LeBrun rumblings: What Chris Tanev trade means for the defense market ahead of the deadline


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Let’s unpack the impact of the Chris Tanev trade on the rest of the market ahead of the deadline.

And, no, this isn’t just about our obvious concern for the mood of poor James Duthie, who’s so selfish about wanting trades to wait for the actual deadline day next Friday, March 8, for our TradeCentre extravaganza on TSN.

My understanding is that the Edmonton Oilers, Colorado Avalanche, Vancouver Canucks and Toronto Maple Leafs were the other finalists in the Tanev sweepstakes before the Calgary Flames sent him to the Dallas Stars on Wednesday.

That’s important to remember moving forward when it comes to the Oilers, Avalanche, Canucks and Maple Leafs.

The Stars making the move should come as no surprise, even just based on what Dallas general manager Jim Nill told The Athletic earlier this week in our interview.

“It’s what every team says: Your team dictates what moves you’re going to make,” Nill said. “Well, they’ve shown that we’re in the mix. That’s all I can ask for. So I want to see how I can help supplement this and give them the best opportunity going in (to the playoffs).”

Bingo, Tanev becomes a Star a few days later. He had been at the top of Nill’s wish list for a while. And last year’s Jim Gregory GM of the Year Award recipient got Tanev without having to spend his first-round pick — and with his salary reduced by 75 percent.

It’s pretty impressive work by any measure. And it’s exactly what the Stars needed, fit-wise.

Now how does that trade affect the rest of the defenseman rental market?

The fact that Tanev didn’t go for a first-round pick wasn’t welcome news for the likes of the Philadelphia Flyers (Sean Walker) or Arizona Coyotes (Matt Dumba). I can certainly assure you of that. Both of those front offices are asking for a first-round pick for their respective pending-unrestricted-free-agent right-shot defensemen, so they weren’t doing cartwheels Wednesday night after the Tanev trade was announced.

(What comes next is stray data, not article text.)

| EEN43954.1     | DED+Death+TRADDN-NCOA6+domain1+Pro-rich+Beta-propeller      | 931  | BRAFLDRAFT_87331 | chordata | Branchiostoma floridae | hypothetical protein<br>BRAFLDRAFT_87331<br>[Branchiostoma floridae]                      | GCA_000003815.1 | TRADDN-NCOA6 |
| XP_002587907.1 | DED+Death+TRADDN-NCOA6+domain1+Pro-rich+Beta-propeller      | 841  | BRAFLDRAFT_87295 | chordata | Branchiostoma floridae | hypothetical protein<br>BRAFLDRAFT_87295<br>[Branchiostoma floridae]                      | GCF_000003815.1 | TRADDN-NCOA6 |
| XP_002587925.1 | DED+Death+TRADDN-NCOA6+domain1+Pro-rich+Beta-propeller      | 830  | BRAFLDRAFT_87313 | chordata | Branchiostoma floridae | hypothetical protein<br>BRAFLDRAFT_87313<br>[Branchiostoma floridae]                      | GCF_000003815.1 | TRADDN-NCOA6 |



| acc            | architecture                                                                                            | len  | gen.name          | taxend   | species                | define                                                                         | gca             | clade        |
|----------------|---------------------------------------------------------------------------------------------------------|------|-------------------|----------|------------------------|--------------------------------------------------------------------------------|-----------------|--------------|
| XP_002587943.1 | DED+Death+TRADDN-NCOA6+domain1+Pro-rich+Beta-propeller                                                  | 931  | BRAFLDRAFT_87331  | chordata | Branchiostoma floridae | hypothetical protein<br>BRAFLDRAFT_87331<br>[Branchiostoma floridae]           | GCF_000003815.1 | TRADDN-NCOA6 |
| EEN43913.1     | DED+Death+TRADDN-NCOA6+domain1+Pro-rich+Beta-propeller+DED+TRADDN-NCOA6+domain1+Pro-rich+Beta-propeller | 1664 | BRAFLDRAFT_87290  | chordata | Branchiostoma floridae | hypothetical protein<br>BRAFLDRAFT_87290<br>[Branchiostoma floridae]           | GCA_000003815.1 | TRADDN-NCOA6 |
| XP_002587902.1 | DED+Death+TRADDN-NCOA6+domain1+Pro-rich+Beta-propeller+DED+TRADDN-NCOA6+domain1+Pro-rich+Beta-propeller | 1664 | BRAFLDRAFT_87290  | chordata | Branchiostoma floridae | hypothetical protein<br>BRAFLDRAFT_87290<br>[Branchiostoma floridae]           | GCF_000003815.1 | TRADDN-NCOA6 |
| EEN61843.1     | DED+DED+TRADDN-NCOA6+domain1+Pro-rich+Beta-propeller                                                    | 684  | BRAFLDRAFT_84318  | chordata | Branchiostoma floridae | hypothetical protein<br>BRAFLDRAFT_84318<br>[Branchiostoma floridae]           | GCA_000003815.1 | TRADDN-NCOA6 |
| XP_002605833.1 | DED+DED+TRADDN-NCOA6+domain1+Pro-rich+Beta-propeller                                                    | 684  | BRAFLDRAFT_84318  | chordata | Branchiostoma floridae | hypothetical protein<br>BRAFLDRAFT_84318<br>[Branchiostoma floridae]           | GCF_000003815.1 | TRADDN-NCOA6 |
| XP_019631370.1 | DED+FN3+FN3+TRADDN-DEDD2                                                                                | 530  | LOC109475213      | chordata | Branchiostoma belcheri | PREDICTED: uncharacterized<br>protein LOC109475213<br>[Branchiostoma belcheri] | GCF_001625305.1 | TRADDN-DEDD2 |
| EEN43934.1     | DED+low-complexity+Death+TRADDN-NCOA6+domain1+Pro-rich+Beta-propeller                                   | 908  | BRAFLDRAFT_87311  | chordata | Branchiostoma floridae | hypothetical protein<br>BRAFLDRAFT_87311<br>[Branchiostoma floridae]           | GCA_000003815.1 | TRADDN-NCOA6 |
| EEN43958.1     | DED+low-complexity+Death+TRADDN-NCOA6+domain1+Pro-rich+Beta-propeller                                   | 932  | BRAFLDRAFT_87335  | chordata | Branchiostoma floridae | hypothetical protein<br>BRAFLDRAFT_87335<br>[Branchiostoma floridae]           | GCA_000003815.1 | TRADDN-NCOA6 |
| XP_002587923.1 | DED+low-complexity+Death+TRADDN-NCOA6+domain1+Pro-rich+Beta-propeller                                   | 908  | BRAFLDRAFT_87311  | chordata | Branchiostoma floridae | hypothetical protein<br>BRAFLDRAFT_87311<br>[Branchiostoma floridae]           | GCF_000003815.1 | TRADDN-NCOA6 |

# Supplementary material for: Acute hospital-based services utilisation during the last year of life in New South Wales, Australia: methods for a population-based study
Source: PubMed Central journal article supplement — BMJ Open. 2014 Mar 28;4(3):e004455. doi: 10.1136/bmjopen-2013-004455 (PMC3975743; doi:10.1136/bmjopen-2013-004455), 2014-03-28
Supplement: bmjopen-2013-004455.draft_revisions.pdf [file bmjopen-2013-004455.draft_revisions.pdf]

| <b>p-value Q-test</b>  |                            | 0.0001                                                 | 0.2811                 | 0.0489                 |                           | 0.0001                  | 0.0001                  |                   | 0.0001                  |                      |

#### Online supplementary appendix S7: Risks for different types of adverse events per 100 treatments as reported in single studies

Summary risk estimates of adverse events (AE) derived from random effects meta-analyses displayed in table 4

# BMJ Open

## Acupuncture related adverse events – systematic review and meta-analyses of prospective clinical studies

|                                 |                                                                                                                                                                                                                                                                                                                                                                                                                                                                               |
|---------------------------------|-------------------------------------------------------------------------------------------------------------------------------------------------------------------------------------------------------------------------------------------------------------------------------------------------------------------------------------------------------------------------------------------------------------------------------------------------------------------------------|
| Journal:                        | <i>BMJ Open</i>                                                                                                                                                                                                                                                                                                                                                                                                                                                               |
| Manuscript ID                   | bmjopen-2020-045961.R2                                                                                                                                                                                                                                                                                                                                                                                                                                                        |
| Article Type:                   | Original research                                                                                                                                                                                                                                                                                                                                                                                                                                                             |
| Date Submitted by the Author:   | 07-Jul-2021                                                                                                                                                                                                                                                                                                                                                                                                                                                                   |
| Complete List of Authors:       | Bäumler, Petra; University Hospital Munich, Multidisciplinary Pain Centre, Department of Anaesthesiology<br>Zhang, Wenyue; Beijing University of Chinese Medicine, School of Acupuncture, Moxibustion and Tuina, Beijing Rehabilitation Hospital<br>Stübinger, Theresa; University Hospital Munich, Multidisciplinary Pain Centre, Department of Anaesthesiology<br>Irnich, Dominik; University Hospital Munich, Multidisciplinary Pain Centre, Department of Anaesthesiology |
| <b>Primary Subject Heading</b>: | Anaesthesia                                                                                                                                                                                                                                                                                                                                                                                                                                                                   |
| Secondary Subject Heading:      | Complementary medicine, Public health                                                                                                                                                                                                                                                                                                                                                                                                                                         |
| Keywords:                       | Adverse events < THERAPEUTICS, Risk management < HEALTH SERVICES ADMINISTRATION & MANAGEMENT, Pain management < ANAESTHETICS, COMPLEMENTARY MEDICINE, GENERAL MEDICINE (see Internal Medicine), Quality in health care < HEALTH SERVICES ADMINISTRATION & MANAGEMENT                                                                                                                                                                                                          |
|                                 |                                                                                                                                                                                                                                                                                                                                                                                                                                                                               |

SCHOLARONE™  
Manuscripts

Maybe they’ll still get what they’re looking for, maybe not, but often these types of trades nine days out from the deadline have a way of setting the market prices.

The reality is when it comes to Walker is that the Flyers just won’t trade him if teams don’t step up enough in their offers. They view him as being more valuable to them for the rest of the season and won’t settle for a bad trade return. Teams interested in Walker should know that.

As for Calgary, my understanding is that the Flames did, in fact, have a first-round pick on the table in one of the other offers they had for Tanev. The problem is that that offer wasn’t a first-round pick alone. Calgary would have had to take a player with term on his contract back, and that didn’t make sense for the Flames. Which is understandable. (But maybe Arizona with all its cap space would be willing to do just that to get a first-round pick for Dumba.)

I don’t know for sure which team it was that offered the first-round pick to Calgary with a player attached to it, but two teams that would make sense are Edmonton offering its first-round pick for Tanev as long as Calgary took Cody Ceci (signed through next season at a $3.25 million average annual value) and Colorado offering a first-round pick but wanting the Flames to take back Ryan Johansen (signed through next season at a $4 million AAV).

Regardless of which team it was, I’m confident in saying there was no stand-alone, one-for-one first-round pick offer to Calgary for Tanev.

Maple Leafs GM Brad Treliving, as many of us have reported throughout the past few months, absolutely was engaged on Tanev and remained so to the end. I believe the Leafs and Flames had one more chat about it Wednesday but Treliving still wasn’t ready to give up his first-round pick. (Maybe he would have, had Calgary waited another week.) And again, the Leafs don’t have a second-round pick until 2027.

What now for Toronto? As mentioned before, the Leafs have checked in with Anaheim on pending UFA defenseman Ilya Lyubushkin. I wonder if he doesn’t make the most sense for them now, depending on the price, given his physical style. (I should note that it’s not 100 percent guaranteed that the Ducks move Lyubushkin. I think they appreciate the impact he’s had on their younger players — in particular 20-year-old rookie defenseman Pavel Mintyukov.) Toronto has also shown interest in Dumba.